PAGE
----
• SECI
positive deviance defined
Positive Deviance Defined
  • “Positive Deviance is a departure, a difference, or deviation from the norm resulting in a positive outcome”
  • Identifying the positive deviants – and their beliefs and practices – can reveal hidden resources from which it is possible to devise solutions that are cost effective, sustainable, and internally owned and managed
criteria for use of positive deviance
Criteria for use of Positive Deviance
  • The objective is social/behavioral change in a prevalent practice
  • The problem to be addressed is widespread or the norm
  • There are some individuals (a minority of the population) in the community who already exhibit the desired (positive deviant) behavior
what are we trying to understand through pdi
What are we trying to understand through PDI?

Policy environment

Peer pressure


Desired Health Promotive/Protective Behavior




Desired Health Outcome or Health Status

PDI subject

PDI subject

pd applied to malnutrition
PD applied to Malnutrition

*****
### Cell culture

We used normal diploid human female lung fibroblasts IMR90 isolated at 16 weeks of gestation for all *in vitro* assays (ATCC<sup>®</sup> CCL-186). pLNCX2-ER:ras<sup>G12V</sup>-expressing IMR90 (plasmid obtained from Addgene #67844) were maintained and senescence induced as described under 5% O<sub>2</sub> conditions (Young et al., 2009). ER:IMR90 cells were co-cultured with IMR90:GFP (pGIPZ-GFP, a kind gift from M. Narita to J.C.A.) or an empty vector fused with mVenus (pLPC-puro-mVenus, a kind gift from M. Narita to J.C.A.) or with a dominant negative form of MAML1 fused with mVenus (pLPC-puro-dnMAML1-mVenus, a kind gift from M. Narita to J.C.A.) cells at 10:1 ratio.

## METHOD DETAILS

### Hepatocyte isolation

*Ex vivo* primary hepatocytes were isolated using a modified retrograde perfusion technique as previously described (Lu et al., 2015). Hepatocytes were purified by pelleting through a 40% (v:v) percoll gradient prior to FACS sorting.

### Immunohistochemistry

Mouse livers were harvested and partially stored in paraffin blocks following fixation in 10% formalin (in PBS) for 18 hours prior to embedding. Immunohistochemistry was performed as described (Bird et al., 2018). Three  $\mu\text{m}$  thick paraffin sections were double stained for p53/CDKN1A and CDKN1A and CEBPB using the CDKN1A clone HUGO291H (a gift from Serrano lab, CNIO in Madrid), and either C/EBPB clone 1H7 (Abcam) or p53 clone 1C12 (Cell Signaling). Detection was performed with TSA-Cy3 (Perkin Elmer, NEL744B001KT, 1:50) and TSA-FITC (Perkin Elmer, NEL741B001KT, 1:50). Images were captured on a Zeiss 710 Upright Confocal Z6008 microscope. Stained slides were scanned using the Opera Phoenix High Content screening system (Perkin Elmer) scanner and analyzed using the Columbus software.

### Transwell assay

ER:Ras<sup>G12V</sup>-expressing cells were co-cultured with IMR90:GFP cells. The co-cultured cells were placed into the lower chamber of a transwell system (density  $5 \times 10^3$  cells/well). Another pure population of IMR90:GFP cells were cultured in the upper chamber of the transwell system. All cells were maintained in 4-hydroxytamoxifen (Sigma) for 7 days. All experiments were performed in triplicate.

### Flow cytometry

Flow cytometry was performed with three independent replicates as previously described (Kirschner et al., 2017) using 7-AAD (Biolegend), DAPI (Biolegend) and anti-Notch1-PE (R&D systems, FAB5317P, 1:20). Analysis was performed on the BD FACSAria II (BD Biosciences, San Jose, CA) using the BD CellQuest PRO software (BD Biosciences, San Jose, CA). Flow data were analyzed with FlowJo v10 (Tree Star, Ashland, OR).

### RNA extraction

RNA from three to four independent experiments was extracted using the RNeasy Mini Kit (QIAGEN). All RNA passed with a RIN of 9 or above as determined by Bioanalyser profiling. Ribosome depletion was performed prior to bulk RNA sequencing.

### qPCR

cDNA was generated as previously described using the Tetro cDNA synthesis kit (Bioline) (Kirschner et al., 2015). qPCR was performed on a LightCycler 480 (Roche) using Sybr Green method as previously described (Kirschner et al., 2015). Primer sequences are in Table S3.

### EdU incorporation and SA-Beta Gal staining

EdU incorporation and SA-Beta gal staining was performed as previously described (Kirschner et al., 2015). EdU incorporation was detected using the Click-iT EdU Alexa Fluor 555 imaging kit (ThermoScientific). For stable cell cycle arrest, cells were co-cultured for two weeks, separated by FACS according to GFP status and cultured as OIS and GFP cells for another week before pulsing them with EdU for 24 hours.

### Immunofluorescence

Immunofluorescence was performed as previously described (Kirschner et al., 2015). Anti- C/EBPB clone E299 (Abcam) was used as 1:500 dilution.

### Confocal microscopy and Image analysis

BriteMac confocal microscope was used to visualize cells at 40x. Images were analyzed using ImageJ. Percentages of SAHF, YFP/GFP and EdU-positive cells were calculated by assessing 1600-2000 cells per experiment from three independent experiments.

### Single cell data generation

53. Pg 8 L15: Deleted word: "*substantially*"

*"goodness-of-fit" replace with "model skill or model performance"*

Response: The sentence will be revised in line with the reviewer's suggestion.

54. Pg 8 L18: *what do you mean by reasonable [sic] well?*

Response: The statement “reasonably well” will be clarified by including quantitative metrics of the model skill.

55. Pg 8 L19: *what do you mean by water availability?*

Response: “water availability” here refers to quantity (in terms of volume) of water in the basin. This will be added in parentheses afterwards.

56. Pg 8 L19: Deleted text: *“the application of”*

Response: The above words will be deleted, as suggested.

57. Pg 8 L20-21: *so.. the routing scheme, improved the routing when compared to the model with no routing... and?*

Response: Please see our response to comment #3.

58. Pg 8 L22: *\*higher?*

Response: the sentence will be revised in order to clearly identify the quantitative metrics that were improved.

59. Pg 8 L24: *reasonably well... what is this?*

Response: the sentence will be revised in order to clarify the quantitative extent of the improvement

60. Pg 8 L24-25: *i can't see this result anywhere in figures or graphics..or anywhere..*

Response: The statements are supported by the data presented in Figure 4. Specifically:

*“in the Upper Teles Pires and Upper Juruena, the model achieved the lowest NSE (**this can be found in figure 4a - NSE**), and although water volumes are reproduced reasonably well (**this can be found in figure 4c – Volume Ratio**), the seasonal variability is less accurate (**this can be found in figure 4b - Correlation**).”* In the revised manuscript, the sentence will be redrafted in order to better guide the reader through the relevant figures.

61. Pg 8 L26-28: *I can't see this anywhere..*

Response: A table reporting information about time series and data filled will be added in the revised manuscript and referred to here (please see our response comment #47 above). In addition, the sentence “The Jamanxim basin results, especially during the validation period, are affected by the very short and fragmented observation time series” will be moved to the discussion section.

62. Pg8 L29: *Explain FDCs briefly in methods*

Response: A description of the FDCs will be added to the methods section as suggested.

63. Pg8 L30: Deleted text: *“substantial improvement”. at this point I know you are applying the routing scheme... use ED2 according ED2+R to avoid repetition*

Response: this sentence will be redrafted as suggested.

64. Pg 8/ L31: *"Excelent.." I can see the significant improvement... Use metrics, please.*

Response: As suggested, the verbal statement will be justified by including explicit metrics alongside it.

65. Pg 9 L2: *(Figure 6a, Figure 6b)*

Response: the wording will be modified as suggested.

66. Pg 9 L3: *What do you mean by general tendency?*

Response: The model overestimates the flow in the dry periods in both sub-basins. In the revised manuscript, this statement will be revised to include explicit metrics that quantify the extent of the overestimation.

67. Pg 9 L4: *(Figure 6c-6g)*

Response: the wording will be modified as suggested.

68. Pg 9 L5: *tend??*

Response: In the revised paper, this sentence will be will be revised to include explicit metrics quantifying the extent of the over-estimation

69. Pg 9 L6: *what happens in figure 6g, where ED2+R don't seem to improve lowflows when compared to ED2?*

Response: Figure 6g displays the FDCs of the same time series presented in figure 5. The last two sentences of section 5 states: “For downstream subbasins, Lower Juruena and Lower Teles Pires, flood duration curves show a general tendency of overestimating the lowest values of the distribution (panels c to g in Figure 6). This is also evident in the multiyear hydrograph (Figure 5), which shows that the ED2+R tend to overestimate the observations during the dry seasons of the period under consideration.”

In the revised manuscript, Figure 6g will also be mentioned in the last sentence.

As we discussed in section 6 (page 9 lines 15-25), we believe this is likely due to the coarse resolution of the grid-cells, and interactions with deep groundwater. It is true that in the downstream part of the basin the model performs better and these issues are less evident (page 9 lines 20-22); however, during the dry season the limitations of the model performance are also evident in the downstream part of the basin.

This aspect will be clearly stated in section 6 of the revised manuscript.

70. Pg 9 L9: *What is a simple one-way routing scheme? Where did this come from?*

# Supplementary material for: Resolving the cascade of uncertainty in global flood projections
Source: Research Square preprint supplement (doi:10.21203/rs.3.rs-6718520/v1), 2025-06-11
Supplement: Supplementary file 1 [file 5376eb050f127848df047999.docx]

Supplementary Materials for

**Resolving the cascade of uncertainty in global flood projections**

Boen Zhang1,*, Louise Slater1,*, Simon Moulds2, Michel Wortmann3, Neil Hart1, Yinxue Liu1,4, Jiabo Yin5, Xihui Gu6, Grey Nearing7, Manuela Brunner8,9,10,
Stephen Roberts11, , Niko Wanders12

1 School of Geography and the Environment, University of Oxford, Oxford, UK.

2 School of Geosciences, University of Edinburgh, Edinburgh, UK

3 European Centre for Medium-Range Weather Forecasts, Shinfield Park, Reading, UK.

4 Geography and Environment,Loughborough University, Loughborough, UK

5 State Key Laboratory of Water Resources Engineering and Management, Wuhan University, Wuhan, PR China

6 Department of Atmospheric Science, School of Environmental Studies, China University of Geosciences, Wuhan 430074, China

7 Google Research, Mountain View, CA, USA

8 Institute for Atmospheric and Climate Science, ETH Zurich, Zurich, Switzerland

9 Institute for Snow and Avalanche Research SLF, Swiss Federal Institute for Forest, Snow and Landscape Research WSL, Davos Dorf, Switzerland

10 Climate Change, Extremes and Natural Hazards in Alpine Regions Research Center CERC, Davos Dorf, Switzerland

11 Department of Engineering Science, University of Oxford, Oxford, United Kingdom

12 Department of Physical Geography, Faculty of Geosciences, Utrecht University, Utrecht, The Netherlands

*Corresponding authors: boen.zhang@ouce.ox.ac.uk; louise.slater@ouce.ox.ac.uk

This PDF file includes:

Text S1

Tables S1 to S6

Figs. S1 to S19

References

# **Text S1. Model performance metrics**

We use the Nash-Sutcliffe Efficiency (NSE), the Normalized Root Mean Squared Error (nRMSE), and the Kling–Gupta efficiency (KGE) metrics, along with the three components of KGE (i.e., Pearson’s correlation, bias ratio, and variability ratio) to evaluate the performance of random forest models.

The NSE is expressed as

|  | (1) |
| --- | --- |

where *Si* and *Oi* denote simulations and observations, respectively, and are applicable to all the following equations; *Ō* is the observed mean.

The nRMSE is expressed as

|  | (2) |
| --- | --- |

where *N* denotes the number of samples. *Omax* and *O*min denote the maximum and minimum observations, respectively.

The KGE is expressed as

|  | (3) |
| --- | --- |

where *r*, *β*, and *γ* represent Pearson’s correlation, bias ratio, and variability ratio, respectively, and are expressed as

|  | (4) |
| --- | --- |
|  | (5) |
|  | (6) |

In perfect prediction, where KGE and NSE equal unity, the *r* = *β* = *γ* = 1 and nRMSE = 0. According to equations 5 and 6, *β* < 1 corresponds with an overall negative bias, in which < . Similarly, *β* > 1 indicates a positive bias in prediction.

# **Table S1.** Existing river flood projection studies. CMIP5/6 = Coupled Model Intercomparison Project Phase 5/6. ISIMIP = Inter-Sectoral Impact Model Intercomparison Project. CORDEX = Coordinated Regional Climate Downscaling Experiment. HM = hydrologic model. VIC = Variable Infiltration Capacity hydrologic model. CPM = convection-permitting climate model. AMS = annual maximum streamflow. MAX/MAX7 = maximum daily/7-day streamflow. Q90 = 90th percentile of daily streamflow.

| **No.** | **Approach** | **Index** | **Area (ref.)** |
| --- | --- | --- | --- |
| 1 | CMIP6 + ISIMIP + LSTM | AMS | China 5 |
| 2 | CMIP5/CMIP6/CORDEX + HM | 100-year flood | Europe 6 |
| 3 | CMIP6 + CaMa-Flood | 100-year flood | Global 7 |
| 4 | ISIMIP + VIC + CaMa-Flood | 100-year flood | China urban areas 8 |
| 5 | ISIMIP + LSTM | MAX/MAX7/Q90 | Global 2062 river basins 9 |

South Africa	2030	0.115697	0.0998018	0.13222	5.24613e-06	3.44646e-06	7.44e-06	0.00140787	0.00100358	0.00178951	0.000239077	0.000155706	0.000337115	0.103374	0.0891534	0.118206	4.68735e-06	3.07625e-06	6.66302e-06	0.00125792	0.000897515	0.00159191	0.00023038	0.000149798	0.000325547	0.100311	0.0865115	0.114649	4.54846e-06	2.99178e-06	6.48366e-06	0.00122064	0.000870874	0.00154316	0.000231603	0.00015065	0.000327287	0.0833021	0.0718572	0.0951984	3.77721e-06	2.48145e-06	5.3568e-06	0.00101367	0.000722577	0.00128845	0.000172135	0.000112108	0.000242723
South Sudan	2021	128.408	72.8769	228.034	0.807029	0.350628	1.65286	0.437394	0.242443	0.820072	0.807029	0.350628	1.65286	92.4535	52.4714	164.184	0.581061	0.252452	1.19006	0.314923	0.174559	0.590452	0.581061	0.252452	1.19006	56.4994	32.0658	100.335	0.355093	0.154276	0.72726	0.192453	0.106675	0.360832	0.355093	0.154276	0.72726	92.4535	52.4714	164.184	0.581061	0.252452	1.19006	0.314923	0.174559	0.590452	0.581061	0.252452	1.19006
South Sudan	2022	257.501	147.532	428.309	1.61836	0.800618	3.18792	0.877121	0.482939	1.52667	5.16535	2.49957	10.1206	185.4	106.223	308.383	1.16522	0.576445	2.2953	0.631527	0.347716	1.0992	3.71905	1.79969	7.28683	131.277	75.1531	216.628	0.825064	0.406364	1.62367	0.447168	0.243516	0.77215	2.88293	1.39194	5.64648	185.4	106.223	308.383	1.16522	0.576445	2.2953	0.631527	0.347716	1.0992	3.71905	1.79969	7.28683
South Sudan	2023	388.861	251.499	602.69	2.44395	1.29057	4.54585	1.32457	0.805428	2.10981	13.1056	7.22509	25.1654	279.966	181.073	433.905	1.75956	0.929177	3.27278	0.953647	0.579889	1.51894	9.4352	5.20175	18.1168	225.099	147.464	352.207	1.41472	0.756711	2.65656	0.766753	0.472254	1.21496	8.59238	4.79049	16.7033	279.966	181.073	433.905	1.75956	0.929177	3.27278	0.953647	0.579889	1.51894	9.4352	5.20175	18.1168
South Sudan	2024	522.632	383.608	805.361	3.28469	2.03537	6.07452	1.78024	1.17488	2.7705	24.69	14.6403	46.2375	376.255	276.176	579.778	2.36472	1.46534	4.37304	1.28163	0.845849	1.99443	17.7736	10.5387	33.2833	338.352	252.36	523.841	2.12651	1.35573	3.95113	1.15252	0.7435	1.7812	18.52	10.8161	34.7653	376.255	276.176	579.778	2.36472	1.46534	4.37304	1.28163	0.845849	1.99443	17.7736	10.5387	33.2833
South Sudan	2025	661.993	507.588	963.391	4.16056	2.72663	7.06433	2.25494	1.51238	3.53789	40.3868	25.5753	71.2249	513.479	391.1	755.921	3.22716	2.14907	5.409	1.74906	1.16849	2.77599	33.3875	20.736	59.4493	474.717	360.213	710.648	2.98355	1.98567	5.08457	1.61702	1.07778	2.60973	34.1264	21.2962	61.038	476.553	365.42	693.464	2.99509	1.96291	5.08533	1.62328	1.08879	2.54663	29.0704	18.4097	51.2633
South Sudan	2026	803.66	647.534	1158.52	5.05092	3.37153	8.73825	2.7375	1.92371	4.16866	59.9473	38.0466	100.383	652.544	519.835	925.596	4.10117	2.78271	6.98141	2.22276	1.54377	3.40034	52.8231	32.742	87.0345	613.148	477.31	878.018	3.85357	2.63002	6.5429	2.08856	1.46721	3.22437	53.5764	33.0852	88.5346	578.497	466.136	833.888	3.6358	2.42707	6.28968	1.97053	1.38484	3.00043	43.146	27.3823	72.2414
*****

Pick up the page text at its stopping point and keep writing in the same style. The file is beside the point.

• Defined community norms that affect the nutritional status of children
  • Identify well nourished children from poor families in the community
  • Conduct home visits to look for what they are doing differently
  • Analyze findings and design intervention
pdi hearth model
PDI/Hearth Model

Hearth components usually include:

  • Positive Deviance Inquiry
  • Nutritional assessment of children
  • Training volunteers and staff
  • Two week nutrition and rehabilitation sessions: mothers prepare meals based upon PD foods/practices (including active feeding) and adult learning on other health practices
results assessment indicators
Results: Assessment Indicators
  • Increments in Weight-for-age: the indicator child and the siblings
  • Increments in Knowledge, Skills, and Attitudes of Mothers/Caretakers
  • Creation of well-functioning and sustainable volunteer community structures
vietnam longitudinal impact on weight for age all children age 3 n 1893
Vietnam: Longitudinal Impact on Weight-for-Age: All Children < Age 3 (n=1893)


Tinh Gia District, Thanh Hoa Province, 1993-1995

sc egypt minia
SC Egypt - Minia
  • Reduction in malnutrition (-2 SD wt./age) among children 6 mo. to 3 years of age from 47 percent to 13% over a period of 6 months
  • In control village malnutrition level did not change (48.1% to 46.4%)